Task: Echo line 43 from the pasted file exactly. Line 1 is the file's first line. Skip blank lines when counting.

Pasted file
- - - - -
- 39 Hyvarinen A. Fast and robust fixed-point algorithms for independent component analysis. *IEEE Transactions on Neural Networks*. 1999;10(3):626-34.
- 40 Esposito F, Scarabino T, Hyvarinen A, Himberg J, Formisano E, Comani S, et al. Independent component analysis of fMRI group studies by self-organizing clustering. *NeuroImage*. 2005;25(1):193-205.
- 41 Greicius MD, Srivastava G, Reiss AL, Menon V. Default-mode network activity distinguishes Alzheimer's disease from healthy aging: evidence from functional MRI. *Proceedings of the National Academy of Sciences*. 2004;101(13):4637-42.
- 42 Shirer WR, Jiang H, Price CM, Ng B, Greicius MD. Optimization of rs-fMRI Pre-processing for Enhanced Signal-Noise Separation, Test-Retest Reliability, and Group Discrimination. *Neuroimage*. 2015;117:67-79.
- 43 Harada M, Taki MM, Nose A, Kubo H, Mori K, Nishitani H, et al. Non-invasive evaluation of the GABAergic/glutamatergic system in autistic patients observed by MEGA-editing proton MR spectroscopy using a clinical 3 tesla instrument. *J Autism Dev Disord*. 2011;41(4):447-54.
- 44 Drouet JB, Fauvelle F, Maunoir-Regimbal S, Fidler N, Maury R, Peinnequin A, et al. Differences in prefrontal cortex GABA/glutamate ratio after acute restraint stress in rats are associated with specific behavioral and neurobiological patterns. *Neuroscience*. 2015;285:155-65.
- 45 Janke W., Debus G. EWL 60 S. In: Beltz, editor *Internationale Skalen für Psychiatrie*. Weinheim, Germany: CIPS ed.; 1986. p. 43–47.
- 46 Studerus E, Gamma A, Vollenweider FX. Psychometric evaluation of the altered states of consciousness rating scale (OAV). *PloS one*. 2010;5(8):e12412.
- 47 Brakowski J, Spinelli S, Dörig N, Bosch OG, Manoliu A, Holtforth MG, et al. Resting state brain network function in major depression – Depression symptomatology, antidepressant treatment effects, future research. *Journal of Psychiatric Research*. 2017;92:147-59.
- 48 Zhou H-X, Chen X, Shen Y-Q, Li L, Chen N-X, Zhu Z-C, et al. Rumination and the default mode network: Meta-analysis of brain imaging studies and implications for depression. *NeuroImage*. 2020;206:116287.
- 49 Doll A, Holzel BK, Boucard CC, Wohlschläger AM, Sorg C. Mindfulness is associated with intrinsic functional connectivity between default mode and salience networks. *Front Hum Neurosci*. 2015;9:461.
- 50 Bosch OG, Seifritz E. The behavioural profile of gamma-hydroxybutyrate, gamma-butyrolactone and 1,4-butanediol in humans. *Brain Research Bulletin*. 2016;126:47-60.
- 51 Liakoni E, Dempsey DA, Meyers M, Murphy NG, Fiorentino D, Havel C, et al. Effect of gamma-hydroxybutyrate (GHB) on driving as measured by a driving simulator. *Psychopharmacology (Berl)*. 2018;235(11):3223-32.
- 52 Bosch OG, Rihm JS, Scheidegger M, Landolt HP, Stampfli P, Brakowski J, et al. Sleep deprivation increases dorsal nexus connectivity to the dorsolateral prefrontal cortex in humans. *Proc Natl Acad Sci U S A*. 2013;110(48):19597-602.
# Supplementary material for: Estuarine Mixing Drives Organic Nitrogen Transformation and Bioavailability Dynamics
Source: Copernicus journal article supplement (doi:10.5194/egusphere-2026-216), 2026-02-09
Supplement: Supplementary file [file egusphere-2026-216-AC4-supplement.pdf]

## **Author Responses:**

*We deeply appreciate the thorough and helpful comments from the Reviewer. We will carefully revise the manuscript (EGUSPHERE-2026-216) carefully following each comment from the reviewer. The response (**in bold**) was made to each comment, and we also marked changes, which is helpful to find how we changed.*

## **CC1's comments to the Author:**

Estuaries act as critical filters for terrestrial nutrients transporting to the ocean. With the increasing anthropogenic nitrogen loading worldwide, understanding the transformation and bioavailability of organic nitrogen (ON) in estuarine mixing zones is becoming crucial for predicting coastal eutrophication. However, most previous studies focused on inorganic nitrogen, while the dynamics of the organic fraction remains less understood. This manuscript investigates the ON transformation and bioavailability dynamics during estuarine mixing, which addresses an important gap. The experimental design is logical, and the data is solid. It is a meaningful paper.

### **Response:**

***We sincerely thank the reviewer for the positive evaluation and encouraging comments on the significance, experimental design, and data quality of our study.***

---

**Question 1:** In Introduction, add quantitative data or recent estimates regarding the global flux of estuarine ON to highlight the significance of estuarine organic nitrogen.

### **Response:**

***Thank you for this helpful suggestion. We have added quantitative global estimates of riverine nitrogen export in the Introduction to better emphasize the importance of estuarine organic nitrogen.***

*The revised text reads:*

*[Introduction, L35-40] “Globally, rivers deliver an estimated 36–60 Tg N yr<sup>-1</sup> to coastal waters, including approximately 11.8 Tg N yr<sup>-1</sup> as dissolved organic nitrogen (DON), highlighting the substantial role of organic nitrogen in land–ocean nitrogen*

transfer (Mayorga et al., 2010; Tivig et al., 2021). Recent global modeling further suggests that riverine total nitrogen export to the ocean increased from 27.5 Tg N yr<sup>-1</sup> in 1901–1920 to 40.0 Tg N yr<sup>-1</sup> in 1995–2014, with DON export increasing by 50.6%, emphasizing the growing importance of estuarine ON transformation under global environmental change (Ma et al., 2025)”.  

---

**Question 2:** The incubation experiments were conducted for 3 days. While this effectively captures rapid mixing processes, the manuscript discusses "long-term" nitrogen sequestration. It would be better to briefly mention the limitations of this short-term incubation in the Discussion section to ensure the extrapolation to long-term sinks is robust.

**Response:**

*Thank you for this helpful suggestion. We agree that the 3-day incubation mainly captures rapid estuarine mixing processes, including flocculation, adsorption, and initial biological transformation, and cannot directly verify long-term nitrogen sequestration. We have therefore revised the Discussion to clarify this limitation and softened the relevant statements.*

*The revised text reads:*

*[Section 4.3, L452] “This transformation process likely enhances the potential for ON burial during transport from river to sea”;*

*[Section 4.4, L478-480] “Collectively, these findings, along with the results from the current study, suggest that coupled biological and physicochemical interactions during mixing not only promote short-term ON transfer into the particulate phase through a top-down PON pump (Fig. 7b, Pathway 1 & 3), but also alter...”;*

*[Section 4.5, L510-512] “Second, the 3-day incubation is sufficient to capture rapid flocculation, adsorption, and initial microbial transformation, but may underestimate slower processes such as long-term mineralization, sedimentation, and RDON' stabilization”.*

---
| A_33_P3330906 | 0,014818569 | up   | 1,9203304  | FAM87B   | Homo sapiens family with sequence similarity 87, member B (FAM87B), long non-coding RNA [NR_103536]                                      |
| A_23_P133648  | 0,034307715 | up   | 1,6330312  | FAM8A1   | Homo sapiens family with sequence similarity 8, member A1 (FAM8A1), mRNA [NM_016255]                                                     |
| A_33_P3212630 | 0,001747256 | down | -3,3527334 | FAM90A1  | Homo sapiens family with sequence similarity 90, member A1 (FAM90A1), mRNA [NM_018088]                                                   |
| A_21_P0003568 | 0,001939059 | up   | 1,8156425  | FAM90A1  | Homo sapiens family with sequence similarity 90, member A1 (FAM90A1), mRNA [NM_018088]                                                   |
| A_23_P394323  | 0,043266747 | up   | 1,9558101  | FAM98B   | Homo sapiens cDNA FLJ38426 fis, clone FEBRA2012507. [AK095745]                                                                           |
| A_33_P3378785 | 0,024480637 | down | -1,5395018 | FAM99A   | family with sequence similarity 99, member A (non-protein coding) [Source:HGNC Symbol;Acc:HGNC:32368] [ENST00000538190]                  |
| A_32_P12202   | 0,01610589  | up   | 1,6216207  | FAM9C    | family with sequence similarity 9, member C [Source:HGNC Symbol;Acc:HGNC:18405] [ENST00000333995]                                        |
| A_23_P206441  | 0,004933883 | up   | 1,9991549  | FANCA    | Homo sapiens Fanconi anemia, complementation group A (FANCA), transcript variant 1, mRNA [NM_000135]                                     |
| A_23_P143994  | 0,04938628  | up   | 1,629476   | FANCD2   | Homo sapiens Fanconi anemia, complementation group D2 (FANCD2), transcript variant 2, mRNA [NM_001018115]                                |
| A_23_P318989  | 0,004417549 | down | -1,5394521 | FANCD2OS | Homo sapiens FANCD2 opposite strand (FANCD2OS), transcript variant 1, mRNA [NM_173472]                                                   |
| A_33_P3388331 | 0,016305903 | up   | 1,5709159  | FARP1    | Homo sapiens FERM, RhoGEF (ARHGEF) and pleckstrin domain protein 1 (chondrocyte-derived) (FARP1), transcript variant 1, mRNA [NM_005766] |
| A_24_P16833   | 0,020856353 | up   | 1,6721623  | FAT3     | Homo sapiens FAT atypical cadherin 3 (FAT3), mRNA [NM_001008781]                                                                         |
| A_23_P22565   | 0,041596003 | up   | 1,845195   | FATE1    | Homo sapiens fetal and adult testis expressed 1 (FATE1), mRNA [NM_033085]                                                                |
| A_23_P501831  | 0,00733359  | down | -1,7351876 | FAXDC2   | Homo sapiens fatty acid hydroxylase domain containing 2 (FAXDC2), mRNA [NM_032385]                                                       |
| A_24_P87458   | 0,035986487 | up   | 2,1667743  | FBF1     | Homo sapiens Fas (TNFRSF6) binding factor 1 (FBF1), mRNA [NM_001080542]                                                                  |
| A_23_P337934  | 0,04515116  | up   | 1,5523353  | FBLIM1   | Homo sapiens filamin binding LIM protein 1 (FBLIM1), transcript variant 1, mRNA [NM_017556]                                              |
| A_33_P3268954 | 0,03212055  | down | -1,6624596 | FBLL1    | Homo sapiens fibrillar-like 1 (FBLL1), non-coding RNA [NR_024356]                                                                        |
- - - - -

| A_21_P0003568 | 0,001939059 | up   | 1,8156425  | FAM90A1  | Homo sapiens family with sequence similarity 90, member A1 (FAM90A1), mRNA [NM_018088]                                                   |